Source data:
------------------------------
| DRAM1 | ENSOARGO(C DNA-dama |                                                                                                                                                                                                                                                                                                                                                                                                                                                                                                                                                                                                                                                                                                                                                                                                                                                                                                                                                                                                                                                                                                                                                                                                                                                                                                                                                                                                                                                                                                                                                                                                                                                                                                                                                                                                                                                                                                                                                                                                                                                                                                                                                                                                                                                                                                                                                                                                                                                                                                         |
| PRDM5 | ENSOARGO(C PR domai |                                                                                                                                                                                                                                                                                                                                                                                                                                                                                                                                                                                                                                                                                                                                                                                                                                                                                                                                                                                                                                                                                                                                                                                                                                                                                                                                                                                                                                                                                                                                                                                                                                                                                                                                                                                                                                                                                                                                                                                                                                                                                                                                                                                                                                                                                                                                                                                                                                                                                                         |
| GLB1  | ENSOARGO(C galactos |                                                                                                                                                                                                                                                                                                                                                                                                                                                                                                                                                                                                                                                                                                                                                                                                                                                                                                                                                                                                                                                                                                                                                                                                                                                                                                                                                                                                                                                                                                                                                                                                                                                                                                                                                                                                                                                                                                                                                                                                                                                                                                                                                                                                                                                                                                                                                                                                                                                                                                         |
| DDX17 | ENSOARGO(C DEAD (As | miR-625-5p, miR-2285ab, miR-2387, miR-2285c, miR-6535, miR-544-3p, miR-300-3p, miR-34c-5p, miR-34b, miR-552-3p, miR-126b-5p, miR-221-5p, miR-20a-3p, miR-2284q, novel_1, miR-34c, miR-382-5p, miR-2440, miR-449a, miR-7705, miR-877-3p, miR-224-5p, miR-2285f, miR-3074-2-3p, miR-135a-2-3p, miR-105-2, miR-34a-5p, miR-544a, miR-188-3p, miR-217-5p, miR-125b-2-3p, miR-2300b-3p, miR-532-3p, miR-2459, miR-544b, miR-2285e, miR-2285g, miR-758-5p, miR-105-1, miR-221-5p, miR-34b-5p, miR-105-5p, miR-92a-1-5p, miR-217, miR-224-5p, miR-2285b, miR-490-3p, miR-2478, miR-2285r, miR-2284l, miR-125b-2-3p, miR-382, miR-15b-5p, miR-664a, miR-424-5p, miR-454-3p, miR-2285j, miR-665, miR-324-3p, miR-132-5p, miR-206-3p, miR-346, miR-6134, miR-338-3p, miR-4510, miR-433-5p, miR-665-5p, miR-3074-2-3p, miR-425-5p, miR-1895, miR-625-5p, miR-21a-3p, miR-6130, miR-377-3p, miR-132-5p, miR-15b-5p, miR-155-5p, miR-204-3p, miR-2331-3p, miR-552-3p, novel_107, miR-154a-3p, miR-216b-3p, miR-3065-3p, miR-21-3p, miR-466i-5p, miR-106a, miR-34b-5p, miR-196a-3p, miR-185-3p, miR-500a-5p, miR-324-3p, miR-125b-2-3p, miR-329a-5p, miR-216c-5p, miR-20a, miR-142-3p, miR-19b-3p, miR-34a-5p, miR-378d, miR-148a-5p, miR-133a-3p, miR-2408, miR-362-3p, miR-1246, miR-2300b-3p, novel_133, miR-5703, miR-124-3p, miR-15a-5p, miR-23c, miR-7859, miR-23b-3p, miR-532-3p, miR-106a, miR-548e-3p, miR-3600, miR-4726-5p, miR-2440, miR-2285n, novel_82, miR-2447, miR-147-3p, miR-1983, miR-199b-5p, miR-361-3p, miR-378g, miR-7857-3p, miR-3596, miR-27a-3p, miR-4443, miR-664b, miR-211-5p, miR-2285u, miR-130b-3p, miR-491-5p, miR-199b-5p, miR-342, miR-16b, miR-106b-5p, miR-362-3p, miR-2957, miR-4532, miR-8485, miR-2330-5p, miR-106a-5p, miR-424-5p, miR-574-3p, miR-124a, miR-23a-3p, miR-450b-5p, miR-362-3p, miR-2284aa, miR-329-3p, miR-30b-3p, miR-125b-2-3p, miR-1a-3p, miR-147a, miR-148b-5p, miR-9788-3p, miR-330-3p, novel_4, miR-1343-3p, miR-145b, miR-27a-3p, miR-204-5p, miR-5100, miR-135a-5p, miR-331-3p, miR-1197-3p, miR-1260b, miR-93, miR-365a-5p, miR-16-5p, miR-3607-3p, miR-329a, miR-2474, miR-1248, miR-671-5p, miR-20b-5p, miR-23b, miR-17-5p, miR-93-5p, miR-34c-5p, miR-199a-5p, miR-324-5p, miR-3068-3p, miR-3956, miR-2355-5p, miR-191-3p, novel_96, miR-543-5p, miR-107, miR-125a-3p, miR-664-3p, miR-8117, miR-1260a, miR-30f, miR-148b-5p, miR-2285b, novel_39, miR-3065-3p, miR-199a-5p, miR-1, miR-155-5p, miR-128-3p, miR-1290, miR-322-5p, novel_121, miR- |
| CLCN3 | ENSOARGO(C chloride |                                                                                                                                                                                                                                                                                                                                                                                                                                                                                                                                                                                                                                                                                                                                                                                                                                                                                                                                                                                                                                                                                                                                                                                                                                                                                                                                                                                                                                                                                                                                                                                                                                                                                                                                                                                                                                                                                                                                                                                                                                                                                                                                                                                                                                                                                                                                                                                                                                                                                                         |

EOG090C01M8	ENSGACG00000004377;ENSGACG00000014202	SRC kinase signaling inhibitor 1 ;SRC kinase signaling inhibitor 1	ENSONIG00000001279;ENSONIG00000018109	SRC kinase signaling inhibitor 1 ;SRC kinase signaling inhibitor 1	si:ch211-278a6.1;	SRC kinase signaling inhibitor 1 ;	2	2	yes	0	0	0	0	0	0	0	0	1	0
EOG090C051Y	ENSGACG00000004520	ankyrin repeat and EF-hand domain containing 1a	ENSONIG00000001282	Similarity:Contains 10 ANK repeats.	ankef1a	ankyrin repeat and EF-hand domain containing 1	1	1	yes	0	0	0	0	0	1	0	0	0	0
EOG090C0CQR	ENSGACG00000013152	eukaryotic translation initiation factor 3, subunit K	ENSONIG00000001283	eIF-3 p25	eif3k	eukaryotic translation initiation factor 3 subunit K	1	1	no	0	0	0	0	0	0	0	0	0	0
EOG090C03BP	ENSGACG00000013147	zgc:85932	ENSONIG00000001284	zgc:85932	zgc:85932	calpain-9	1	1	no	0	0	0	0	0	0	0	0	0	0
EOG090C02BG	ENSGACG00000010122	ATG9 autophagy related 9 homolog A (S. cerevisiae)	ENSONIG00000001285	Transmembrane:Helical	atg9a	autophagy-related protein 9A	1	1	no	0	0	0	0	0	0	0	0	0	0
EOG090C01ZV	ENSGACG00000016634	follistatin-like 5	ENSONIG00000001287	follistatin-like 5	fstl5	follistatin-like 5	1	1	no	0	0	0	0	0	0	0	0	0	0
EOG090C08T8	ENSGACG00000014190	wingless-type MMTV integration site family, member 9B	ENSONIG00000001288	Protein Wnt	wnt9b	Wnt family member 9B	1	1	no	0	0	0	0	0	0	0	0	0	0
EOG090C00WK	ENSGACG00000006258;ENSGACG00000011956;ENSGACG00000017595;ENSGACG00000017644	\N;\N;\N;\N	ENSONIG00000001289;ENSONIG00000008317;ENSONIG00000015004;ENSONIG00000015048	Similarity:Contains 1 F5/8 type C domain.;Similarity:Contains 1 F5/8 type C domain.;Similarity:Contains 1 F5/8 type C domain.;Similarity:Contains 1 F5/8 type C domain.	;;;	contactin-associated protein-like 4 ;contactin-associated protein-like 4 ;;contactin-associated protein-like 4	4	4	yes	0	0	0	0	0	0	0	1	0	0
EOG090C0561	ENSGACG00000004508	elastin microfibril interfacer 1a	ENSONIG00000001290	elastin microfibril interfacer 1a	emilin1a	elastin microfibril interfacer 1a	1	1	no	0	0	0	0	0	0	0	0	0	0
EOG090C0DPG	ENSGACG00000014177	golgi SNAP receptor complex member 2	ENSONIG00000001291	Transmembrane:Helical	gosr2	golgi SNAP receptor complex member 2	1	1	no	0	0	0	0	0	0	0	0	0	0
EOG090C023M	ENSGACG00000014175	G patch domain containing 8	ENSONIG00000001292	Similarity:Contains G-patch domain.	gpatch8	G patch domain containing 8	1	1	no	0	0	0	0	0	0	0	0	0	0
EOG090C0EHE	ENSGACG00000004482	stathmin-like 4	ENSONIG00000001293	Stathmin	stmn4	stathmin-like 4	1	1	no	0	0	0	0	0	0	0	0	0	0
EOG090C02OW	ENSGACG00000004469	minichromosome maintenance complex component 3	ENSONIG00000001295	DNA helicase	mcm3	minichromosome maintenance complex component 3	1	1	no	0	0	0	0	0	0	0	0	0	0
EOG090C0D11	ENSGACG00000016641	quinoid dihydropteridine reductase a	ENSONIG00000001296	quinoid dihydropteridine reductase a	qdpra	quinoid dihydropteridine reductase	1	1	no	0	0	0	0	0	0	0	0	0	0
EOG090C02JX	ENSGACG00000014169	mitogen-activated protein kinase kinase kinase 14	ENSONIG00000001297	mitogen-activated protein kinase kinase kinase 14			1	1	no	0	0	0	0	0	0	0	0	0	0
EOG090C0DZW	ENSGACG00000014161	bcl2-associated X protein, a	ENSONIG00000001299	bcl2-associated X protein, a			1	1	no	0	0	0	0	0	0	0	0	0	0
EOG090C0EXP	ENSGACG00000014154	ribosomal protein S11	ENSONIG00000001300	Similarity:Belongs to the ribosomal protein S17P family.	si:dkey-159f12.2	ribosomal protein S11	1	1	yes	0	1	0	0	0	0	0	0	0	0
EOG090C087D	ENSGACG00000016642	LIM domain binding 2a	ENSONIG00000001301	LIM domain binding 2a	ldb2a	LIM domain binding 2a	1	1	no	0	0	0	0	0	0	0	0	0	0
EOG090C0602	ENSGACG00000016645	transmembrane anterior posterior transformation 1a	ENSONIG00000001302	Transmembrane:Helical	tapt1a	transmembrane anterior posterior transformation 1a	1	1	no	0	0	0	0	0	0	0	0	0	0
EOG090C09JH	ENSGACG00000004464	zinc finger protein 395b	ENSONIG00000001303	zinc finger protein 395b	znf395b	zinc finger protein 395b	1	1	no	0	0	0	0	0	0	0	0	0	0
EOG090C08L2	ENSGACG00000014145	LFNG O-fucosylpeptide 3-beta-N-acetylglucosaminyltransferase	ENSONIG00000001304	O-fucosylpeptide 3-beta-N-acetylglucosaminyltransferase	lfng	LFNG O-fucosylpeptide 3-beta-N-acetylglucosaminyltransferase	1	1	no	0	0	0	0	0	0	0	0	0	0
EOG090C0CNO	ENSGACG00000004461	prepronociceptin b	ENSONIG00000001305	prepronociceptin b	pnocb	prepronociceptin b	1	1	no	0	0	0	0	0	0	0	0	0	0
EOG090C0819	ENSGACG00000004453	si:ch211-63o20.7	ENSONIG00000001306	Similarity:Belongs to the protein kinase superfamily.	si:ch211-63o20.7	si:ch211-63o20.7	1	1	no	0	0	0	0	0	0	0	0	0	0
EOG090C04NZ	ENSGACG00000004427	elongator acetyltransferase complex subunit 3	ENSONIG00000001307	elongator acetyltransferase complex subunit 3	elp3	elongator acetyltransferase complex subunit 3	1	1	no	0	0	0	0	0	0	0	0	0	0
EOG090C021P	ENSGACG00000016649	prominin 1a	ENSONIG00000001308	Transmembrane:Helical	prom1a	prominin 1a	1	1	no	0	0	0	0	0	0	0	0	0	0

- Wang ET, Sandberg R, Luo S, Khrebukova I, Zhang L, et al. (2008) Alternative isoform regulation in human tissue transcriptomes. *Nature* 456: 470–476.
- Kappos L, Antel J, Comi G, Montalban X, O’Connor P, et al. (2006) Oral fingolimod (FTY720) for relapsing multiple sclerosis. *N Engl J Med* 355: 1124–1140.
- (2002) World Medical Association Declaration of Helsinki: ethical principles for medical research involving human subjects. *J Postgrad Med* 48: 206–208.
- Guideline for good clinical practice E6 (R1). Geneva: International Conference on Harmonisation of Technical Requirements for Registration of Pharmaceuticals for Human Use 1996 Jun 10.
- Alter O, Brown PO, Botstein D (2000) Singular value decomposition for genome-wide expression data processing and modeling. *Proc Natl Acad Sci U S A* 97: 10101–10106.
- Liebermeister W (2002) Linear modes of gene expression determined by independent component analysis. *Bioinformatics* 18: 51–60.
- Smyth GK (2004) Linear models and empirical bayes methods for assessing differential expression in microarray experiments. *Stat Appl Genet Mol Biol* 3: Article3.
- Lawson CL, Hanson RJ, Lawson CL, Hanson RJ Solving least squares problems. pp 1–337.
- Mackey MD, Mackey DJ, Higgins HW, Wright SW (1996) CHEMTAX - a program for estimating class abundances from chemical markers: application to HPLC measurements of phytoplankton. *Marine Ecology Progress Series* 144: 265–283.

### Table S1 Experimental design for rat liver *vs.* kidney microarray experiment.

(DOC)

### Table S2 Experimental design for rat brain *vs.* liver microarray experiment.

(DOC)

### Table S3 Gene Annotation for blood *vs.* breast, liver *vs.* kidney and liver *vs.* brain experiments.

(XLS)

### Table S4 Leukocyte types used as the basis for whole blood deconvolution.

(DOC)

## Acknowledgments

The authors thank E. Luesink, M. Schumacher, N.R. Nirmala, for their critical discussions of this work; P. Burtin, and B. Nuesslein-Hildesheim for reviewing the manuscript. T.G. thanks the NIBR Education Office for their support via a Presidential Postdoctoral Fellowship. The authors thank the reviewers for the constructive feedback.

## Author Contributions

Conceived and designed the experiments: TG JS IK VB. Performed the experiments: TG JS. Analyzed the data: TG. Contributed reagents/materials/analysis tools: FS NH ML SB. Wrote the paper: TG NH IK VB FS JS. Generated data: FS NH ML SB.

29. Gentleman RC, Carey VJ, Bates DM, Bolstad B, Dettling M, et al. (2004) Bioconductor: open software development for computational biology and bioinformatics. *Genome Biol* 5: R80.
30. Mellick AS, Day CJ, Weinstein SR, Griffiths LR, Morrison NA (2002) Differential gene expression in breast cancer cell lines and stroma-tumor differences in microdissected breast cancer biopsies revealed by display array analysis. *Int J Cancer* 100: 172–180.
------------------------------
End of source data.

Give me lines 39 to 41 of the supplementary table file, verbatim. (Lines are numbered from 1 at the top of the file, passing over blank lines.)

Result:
- Mackey MD, Mackey DJ, Higgins HW, Wright SW (1996) CHEMTAX - a program for estimating class abundances from chemical markers: application to HPLC measurements of phytoplankton. *Marine Ecology Progress Series* 144: 265–283.

### Table S1 Experimental design for rat liver *vs.* kidney microarray experiment.

(DOC)